The north celestial pole is located at +90°, and the corresponding southern celestial pole is at declination -90°. The north pole star ‘Polaris’ has a declination of +89° 15' 50.8" so it is not quite located at the north celestial pole.
With the ‘up and down’ direction covered by the declination coordinate, we now need something which takes account of the ‘left to right’ direction, and this is fulfilled by right ascension. For historical reasons we choose to measure right ascension in the same units as time, namely hours, minutes and seconds, so as you would expect, there are 60 seconds to a minute, and 60 minutes to one hour of RA.
I have given an illustration of RA in Figure 3. As you can see the RA axis runs along the celestial equator. We start at 0 hours, and moving right (eastwards when facing north) the value of RA increases to 1 hour, then 2 hours and so on. After we have moved along by 12 hours, we have covered half of the celestial equator and if we continue moving east for another 12 hours, we arrive back at 0 hours. A question now arises: where should we put 0 hours on the sphere? In the case of declination it is clear that putting the equator at 0 degrees makes a lot of sense, but where on the celestial equator would be a sensible place to put 0 hours?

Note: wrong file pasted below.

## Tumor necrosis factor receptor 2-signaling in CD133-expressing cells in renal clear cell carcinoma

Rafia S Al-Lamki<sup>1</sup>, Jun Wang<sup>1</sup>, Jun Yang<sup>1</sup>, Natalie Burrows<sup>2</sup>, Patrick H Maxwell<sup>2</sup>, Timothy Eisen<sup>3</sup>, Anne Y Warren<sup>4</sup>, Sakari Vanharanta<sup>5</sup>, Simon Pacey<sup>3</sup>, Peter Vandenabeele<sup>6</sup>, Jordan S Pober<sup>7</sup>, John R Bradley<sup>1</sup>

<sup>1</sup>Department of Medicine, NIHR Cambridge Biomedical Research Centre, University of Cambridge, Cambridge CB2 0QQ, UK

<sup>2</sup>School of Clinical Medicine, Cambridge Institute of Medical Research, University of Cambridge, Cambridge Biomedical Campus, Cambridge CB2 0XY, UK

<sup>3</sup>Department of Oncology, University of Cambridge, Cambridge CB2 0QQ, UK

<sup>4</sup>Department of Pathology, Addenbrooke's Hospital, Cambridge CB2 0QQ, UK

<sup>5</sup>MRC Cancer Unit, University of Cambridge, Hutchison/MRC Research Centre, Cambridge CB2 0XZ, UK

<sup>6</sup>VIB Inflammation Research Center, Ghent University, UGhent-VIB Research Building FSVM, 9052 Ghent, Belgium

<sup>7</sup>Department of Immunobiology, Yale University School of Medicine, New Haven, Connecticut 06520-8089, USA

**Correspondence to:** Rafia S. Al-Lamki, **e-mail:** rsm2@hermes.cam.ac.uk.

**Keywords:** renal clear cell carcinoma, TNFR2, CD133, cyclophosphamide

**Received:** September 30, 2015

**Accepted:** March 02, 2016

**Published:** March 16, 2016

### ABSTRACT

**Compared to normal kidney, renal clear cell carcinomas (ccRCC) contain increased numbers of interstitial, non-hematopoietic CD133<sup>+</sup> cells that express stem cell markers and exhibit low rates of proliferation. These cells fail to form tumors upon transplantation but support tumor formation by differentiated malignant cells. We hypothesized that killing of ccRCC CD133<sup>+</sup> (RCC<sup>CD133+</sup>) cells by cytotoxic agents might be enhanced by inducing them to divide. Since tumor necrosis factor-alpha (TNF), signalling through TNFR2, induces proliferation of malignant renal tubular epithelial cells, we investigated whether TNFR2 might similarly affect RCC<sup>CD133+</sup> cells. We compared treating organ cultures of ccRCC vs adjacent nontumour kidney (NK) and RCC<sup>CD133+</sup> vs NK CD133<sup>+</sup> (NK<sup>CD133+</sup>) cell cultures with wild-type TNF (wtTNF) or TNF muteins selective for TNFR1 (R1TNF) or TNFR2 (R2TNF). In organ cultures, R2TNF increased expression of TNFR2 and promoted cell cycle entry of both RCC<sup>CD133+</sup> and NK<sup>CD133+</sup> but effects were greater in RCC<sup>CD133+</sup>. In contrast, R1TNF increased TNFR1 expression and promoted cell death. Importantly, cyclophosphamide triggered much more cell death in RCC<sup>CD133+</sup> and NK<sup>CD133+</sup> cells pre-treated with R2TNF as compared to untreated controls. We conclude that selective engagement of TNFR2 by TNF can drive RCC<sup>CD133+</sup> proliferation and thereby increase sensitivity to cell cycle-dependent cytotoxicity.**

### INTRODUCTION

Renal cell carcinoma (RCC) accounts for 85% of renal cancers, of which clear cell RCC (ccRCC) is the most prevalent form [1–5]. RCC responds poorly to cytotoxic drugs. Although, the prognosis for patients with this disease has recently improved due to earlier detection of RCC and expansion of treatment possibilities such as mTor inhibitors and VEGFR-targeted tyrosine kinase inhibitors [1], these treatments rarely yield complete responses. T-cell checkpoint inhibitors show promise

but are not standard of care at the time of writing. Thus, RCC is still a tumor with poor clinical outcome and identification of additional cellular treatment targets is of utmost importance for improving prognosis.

In Figure 1, we can see that the ecliptic meets the celestial equator in two places – the spring equinox and the autumn equinox. Astronomers put 0h of right ascension at the spring equinox. When this was first defined, the point of intersection between the ecliptic and the celestial equator was found to lie on the western edge of the constellation of Aries and so it was called the First Point of Aries.
We can now assign a value of RA and Dec to any fixed object in the sky, and its position will be uniquely established on the celestial sphere. If, for example, you look up the RA for Vega, you will find it listed as 18h 36m 56.3s. Its declination is +38° 47' 1.3". (The coordinates for planets, comets and other solar system objects change as they move in their orbits, so to find one of these objects with your setting circles you need to know its RA and Dec for the time you will be observing it.)